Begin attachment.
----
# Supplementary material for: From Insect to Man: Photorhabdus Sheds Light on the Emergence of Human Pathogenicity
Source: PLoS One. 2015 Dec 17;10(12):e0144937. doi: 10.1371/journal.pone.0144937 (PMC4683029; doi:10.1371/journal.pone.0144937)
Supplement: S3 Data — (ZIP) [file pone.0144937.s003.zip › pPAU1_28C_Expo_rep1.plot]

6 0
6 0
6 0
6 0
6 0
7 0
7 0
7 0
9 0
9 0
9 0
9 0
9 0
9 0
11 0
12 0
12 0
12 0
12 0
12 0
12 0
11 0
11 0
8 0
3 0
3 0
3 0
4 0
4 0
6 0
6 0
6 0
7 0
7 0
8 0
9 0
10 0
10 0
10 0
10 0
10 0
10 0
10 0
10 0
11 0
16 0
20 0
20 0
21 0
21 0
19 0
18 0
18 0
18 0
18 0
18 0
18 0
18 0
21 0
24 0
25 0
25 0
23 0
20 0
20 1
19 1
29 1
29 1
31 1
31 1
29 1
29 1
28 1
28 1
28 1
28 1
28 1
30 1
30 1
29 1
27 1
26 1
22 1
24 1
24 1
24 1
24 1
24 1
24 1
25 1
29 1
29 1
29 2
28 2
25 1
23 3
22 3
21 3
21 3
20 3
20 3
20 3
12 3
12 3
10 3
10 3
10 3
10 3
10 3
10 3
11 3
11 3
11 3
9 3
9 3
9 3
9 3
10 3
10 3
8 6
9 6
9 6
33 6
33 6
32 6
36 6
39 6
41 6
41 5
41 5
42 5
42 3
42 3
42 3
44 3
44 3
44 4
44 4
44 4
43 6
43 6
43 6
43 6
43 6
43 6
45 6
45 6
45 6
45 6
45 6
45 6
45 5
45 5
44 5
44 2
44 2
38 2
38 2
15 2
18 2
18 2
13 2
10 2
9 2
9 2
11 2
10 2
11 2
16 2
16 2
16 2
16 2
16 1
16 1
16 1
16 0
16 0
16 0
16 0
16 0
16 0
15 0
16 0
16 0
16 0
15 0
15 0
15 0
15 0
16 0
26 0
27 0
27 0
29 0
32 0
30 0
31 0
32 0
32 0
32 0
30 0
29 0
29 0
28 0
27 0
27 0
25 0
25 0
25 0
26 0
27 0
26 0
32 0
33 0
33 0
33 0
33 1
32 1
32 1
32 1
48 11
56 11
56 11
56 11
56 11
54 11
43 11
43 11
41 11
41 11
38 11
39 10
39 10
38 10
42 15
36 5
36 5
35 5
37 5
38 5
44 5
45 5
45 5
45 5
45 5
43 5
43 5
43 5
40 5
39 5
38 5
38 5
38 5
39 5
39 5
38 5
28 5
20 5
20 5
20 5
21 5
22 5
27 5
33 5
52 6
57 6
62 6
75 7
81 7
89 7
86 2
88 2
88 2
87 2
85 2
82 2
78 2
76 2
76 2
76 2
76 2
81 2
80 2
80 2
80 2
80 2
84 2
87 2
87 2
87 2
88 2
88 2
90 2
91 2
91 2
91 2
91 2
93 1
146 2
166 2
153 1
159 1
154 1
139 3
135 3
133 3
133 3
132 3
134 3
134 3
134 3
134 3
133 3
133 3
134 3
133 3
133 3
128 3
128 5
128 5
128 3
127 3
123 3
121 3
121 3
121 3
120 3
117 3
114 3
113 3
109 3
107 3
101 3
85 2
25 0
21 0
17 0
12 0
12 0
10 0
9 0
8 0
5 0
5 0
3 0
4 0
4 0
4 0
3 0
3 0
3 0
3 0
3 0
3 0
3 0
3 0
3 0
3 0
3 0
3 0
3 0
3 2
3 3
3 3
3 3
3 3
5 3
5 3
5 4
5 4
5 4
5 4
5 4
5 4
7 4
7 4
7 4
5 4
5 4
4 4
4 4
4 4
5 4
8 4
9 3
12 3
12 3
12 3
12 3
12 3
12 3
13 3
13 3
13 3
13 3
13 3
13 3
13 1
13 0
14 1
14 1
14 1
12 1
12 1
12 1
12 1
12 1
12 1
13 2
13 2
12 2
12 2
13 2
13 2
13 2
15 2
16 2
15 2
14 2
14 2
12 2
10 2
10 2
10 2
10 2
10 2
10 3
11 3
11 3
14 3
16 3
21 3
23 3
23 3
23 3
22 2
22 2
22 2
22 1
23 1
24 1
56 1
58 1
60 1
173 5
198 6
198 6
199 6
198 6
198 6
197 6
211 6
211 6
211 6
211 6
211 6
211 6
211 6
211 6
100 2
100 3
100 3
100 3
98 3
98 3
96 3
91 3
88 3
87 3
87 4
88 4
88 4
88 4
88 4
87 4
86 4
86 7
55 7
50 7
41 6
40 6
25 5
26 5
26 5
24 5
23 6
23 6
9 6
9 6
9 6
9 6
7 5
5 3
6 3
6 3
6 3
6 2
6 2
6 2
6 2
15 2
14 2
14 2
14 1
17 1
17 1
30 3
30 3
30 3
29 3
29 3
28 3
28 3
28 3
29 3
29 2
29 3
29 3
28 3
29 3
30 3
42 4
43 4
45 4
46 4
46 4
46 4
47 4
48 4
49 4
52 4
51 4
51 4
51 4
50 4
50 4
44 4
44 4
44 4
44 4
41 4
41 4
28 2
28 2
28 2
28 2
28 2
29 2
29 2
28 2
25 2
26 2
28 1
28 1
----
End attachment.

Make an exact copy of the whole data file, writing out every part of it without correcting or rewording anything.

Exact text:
# Supplementary material for: From Insect to Man: Photorhabdus Sheds Light on the Emergence of Human Pathogenicity
Source: PLoS One. 2015 Dec 17;10(12):e0144937. doi: 10.1371/journal.pone.0144937 (PMC4683029; doi:10.1371/journal.pone.0144937)
Supplement: S3 Data — (ZIP) [file pone.0144937.s003.zip › pPAU1_28C_Expo_rep1.plot]

6 0
6 0
6 0
6 0
6 0
7 0
7 0
7 0
9 0
9 0
9 0
9 0
9 0
9 0
11 0
12 0
12 0
12 0
12 0
12 0
12 0
11 0
11 0
8 0
3 0
3 0
3 0
4 0
4 0
6 0
6 0
6 0
7 0
7 0
8 0
9 0
10 0
10 0
10 0
10 0
10 0
10 0
10 0
10 0
11 0
16 0
20 0
20 0
21 0
21 0
19 0
18 0
18 0
18 0
18 0
18 0
18 0
18 0
21 0
24 0
25 0
25 0
23 0
20 0
20 1
19 1
29 1
29 1
31 1
31 1
29 1
29 1
28 1
28 1
28 1
28 1
28 1
30 1
30 1
29 1
27 1
26 1
22 1
24 1
24 1
24 1
24 1
24 1
24 1
25 1
29 1
29 1
29 2
28 2
25 1
23 3
22 3
21 3
21 3
20 3
20 3
20 3
12 3
12 3
10 3
10 3
10 3
10 3
10 3
10 3
11 3
11 3
11 3
9 3
9 3
9 3
9 3
10 3
10 3
8 6
9 6
9 6
33 6
33 6
32 6
36 6
39 6
41 6
41 5
41 5
42 5
42 3
42 3
42 3
44 3
44 3
44 4
44 4
44 4
43 6
43 6
43 6
43 6
43 6
43 6
45 6
45 6
45 6
45 6
45 6
45 6
45 5
45 5
44 5
44 2
44 2
38 2
38 2
15 2
18 2
18 2
13 2
10 2
9 2
9 2
11 2
10 2
11 2
16 2
16 2
16 2
16 2
16 1
16 1
16 1
16 0
16 0
16 0
16 0
16 0
16 0
15 0
16 0
16 0
16 0
15 0
15 0
15 0
15 0
16 0
26 0
27 0
27 0
29 0
32 0
30 0
31 0
32 0
32 0
32 0
30 0
29 0
29 0
28 0
27 0
27 0
25 0
25 0
25 0
26 0
27 0
26 0
32 0
33 0
33 0
33 0
33 1
32 1
32 1
32 1
48 11
56 11
56 11
56 11
56 11
54 11
43 11
43 11
41 11
41 11
38 11
39 10
39 10
38 10
42 15
36 5
36 5
35 5
37 5
38 5
44 5
45 5
45 5
45 5
45 5
43 5
43 5
43 5
40 5
39 5
38 5
38 5
38 5
39 5
39 5
38 5
28 5
20 5
20 5
20 5
21 5
22 5
27 5
33 5
52 6
57 6
62 6
75 7
81 7
89 7
86 2
88 2
88 2
87 2
85 2
82 2
78 2
76 2
76 2
76 2
76 2
81 2
80 2
80 2
80 2
80 2
84 2
87 2
87 2
87 2
88 2
88 2
90 2
91 2
91 2
91 2
91 2
93 1
146 2
166 2
153 1
159 1
154 1
139 3
135 3
133 3
133 3
132 3
134 3
134 3
134 3
134 3
133 3
133 3
134 3
133 3
133 3
128 3
128 5
128 5
128 3
127 3
123 3
121 3
121 3
121 3
120 3
117 3
114 3
113 3
109 3
107 3
101 3
85 2
25 0
21 0
17 0
12 0
12 0
10 0
9 0
8 0
5 0
5 0
3 0
4 0
4 0
4 0
3 0
3 0
3 0
3 0
3 0
3 0
3 0
3 0
3 0
3 0
3 0
3 0
3 0
3 2
3 3
3 3
3 3
3 3
5 3
5 3
5 4
5 4
5 4
5 4
5 4
5 4
7 4
7 4
7 4
5 4
5 4
4 4
4 4
4 4
5 4
8 4
9 3
12 3
12 3
12 3
12 3
12 3
12 3
13 3
13 3
13 3
13 3
13 3
13 3
13 1
13 0
14 1
14 1
14 1
12 1
12 1
12 1
12 1
12 1
12 1
13 2
13 2
12 2
12 2
13 2
13 2
13 2
15 2
16 2
15 2
14 2
14 2
12 2
10 2
10 2
10 2
10 2
10 2
10 3
11 3
11 3
14 3
16 3
21 3
23 3
23 3
23 3
22 2
22 2
22 2
22 1
23 1
24 1
56 1
58 1
60 1
173 5
198 6
198 6
199 6
198 6
198 6
197 6
211 6
211 6
211 6
211 6
211 6
211 6
211 6
211 6
100 2
100 3
100 3
100 3
98 3
98 3
96 3
91 3
88 3
87 3
87 4
88 4
88 4
88 4
88 4
87 4
86 4
86 7
55 7
50 7
41 6
40 6
25 5
26 5
26 5
24 5
23 6
23 6
9 6
9 6
9 6
9 6
7 5
5 3
6 3
6 3
6 3
6 2
6 2
6 2
6 2
15 2
14 2
14 2
14 1
17 1
17 1
30 3
30 3
30 3
29 3
29 3
28 3
28 3
28 3
29 3
29 2
29 3
29 3
28 3
29 3
30 3
42 4
43 4
45 4
46 4
46 4
46 4
47 4
48 4
49 4
52 4
51 4
51 4
51 4
50 4
50 4
44 4
44 4
44 4
44 4
41 4
41 4
28 2
28 2
28 2
28 2
28 2
29 2
29 2
28 2
25 2
26 2
28 1
28 1